What do you do when an employee reveals her soon to be ex-husband has threatened to kill her and is parking outside the business for extended periods of time or is continually calling the business and other employees to harass his spouse and her co-workers?
OSHA reports that some 2 million American workers are victims of workplace violence each year. Workplace violence is violence or the threat of violence against workers. It can occur at or outside the workplace and can range from threats and verbal abuse to physical assaults and homicide, one of the leading causes of job-related deaths.
Illinois employers can now obtain help from the courts to prevent potential work place violence. Effective January 1, 2014, the Workplace Violence Prevention Act allows an employer to seek an order of protection to prohibit further violence or threats of violence by a person if an employee has suffered unlawful violence or a credible threat of violence from the person and the unlawful violence has been carried out at the employee’s place of work or the credible threat of violence can reasonably be constructed to be carried out at the employee’s place of work by the person.
The Act applies to employers with five or more employees. The term “employee” includes wage earners, members of a board of directors, elected or appointed officials, volunteers, independent contractors and any other person performing services for an employer.
The Act enables “employers to seek restraining orders against disgruntled workers or others who have made a documented threat against an employee or the workplace.”
Employers need to provide proof there was a credible potential threat against the workplace in order for them to apply for a restraining order. The employer must show through an affidavit that there is sufficient evidence an employee has suffered a threat or there is a credible potential threat that could be faced by the workplace.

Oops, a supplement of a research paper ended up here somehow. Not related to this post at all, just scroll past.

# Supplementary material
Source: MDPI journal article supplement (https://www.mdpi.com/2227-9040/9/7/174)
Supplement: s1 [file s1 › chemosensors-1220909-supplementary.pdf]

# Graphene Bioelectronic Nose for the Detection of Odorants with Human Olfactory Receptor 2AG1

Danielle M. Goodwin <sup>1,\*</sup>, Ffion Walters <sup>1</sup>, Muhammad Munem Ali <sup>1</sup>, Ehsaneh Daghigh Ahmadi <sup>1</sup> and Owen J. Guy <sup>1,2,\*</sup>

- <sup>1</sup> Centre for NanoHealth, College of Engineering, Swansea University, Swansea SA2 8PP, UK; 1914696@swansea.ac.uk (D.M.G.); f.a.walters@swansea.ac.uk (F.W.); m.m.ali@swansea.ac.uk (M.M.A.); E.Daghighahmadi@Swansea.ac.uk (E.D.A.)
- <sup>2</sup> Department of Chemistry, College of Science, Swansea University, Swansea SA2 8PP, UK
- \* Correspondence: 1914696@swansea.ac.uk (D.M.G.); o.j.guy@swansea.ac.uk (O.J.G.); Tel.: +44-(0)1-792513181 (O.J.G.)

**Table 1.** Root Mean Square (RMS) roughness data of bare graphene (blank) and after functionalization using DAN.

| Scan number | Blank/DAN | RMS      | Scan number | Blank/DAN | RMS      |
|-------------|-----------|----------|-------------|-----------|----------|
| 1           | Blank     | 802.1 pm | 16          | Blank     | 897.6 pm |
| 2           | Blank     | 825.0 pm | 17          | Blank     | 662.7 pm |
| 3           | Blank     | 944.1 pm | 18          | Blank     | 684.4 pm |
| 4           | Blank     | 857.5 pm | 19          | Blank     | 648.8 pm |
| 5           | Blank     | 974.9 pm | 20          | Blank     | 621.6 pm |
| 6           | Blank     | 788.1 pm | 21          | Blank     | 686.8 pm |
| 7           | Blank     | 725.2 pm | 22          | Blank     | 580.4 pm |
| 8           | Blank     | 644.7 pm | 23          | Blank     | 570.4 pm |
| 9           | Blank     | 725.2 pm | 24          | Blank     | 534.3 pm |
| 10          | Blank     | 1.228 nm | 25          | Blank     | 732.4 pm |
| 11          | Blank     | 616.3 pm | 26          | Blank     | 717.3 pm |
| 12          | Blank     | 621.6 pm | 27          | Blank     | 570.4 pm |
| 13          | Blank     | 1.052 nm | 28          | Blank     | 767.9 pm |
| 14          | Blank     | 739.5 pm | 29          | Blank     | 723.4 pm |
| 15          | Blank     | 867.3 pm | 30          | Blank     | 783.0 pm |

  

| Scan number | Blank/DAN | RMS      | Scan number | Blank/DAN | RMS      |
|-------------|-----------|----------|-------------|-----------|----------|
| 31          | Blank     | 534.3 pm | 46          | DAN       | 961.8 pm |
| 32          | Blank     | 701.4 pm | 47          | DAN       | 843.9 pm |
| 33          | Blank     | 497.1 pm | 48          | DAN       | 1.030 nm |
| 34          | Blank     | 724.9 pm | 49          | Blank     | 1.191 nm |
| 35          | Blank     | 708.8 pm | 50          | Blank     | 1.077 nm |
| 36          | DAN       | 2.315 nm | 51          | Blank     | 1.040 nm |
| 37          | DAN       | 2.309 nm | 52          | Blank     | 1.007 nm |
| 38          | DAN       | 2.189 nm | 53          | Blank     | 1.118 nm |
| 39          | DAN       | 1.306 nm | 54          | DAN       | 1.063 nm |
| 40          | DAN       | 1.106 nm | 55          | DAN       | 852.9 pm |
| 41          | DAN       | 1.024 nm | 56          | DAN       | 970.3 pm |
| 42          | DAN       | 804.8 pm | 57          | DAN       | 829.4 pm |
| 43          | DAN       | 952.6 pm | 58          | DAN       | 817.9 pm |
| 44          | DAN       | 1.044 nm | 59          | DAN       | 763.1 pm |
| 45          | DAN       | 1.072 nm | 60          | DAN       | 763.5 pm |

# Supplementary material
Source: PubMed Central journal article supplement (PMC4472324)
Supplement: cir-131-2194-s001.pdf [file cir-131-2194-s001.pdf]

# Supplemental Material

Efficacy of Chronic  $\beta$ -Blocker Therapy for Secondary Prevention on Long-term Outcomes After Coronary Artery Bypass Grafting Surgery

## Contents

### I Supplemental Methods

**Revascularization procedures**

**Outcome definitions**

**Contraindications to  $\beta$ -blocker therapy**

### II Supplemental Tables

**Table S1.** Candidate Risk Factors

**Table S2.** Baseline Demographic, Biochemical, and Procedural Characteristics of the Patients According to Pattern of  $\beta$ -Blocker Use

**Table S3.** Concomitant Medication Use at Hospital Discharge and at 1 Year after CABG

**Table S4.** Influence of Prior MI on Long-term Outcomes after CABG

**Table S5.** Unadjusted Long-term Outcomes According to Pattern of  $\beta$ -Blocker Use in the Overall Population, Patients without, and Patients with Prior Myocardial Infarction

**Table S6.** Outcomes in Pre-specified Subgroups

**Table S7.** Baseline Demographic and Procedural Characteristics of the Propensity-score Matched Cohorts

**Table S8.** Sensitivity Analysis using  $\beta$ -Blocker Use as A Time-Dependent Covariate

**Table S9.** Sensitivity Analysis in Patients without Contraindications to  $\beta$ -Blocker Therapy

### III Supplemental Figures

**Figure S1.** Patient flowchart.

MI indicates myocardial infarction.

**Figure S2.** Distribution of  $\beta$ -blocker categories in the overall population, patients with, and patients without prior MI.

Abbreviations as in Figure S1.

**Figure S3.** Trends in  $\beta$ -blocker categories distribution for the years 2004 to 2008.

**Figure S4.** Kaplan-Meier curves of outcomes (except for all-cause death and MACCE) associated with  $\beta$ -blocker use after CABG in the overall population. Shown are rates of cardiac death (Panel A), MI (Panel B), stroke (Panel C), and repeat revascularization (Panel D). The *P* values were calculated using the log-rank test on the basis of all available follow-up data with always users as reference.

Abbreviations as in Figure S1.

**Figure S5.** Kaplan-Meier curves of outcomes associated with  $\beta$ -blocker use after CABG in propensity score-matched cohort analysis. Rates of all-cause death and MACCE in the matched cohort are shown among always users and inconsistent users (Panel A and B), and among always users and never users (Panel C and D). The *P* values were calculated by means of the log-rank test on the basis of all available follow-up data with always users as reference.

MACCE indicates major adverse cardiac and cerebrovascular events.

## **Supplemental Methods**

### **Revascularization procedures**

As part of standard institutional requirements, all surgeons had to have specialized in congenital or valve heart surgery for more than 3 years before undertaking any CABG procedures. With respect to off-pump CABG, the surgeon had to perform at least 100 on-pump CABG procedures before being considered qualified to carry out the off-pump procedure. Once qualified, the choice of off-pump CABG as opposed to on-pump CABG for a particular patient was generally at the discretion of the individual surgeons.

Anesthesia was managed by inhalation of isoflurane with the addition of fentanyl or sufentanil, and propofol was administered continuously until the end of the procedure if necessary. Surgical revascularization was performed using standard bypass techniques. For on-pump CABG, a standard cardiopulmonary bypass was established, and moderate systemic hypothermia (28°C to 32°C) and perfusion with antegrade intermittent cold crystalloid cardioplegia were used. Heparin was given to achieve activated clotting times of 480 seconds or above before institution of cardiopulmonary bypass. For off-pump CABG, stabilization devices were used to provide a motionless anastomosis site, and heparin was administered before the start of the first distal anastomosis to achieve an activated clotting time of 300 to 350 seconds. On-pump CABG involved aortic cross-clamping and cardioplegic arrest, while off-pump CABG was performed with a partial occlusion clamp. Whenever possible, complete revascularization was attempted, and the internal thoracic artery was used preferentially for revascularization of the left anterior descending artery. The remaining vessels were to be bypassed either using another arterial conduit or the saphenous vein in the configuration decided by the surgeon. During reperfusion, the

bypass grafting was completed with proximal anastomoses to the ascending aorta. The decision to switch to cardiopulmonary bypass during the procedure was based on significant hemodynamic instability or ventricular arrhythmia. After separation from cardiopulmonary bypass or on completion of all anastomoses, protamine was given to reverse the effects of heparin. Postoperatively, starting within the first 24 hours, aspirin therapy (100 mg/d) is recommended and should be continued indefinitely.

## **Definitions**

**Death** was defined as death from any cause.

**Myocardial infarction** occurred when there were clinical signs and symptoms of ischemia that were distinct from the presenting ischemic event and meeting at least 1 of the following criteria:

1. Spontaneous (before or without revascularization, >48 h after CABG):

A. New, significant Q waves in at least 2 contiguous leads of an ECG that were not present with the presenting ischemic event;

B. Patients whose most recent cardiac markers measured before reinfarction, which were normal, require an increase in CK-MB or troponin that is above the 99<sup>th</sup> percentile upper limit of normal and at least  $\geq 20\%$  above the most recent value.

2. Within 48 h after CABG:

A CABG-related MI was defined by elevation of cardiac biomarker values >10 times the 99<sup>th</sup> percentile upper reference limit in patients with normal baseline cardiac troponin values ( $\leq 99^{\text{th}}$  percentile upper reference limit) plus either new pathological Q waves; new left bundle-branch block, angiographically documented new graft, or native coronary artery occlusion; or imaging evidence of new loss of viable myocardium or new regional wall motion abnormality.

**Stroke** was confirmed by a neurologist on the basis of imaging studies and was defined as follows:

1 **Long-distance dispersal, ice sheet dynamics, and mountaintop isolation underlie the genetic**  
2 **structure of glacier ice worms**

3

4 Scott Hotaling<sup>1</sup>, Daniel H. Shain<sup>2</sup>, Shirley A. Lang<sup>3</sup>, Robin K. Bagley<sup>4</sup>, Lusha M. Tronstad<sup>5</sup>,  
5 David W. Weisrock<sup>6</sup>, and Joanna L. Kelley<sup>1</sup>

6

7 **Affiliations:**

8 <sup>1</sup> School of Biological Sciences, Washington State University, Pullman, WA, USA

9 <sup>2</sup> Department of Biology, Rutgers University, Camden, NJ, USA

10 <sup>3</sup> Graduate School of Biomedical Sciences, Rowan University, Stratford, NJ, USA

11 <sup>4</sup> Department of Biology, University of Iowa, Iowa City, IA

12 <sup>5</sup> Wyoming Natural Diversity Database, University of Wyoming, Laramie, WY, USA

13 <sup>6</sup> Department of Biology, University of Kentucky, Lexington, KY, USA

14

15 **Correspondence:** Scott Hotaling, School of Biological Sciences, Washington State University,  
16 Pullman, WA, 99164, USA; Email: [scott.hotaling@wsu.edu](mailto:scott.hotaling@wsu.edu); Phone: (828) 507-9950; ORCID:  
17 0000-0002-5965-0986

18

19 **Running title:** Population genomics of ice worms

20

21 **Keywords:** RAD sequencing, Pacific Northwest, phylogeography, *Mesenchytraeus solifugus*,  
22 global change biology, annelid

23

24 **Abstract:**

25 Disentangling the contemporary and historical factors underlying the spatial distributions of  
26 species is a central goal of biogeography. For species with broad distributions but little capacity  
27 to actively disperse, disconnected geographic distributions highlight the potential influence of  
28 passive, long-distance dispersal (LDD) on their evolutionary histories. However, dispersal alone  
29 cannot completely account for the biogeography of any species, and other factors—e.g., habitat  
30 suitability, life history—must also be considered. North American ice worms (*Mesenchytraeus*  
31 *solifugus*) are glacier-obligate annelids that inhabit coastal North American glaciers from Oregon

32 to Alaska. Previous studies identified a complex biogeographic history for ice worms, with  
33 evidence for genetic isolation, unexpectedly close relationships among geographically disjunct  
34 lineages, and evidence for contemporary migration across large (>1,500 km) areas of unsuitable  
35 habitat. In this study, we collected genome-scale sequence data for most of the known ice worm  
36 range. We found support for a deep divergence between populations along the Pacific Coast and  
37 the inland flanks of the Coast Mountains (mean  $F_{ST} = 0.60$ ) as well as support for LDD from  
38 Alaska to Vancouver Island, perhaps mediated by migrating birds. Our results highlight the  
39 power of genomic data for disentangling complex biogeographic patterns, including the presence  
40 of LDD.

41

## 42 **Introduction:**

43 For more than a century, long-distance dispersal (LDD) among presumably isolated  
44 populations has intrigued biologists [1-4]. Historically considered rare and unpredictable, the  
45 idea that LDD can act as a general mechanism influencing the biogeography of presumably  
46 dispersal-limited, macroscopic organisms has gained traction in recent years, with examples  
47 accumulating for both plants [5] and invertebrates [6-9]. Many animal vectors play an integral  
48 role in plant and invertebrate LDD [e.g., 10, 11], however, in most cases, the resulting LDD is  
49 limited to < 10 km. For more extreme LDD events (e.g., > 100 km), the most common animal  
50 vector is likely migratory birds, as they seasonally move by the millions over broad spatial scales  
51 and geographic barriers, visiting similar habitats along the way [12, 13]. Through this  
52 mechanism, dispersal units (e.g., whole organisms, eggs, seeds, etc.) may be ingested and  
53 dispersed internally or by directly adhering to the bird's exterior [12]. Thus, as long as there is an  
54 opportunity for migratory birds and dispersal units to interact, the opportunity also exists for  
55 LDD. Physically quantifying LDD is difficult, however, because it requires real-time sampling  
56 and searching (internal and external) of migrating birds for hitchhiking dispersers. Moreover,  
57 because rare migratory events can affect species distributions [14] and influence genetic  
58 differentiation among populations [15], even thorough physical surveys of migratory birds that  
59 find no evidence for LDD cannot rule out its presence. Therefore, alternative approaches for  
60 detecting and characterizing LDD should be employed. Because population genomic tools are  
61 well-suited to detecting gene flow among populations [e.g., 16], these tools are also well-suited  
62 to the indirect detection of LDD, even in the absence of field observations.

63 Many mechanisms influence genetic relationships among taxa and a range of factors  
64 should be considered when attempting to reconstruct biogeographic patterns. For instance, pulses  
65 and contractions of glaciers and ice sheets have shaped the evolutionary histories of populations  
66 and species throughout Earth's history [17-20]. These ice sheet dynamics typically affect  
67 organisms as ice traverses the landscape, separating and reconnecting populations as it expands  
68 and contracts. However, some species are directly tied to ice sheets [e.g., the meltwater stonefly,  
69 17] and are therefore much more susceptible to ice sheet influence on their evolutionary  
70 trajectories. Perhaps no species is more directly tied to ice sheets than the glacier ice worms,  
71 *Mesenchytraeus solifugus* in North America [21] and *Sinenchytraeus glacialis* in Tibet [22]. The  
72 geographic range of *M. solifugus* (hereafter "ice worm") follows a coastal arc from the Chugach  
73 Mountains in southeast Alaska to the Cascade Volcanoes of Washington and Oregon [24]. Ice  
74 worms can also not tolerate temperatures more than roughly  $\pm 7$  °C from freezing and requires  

A credible threat of violence is defined as a statement or course of conduct that does not serve a legitimate purpose and that causes a reasonable person to fear for the person’s safety or for the safety of the person’s immediate family.
For example, an order of protection will enable an employer to prohibit a person: from entering on the employer’s premises; requiring the person to maintain a distance from the employer’s premises; prohibit the person from communicating with the employer through any means and prohibit the person from harassing, stalking and threatening employees.
Orders of protection are provided to law enforcement officials when signed by a judge. For example, if an employer who has previously obtained an Order of Protection calls law enforcement because the person is parked in the business parking lot, though ordered to remain at least 500 feet away from the employer’s property, a violation of the order will result in an arrest.
Often times an employer may only learn of a potential threat through an employee’s confidences. In order to ensure the employer not only protects its workers from harm but itself from any potential claim from a disgruntled employee, the employer should amend its employee manual, to disclose the employer’s right to obtain an order of protection, even in the event an employee’s private situation has to be revealed to obtain an order of protection.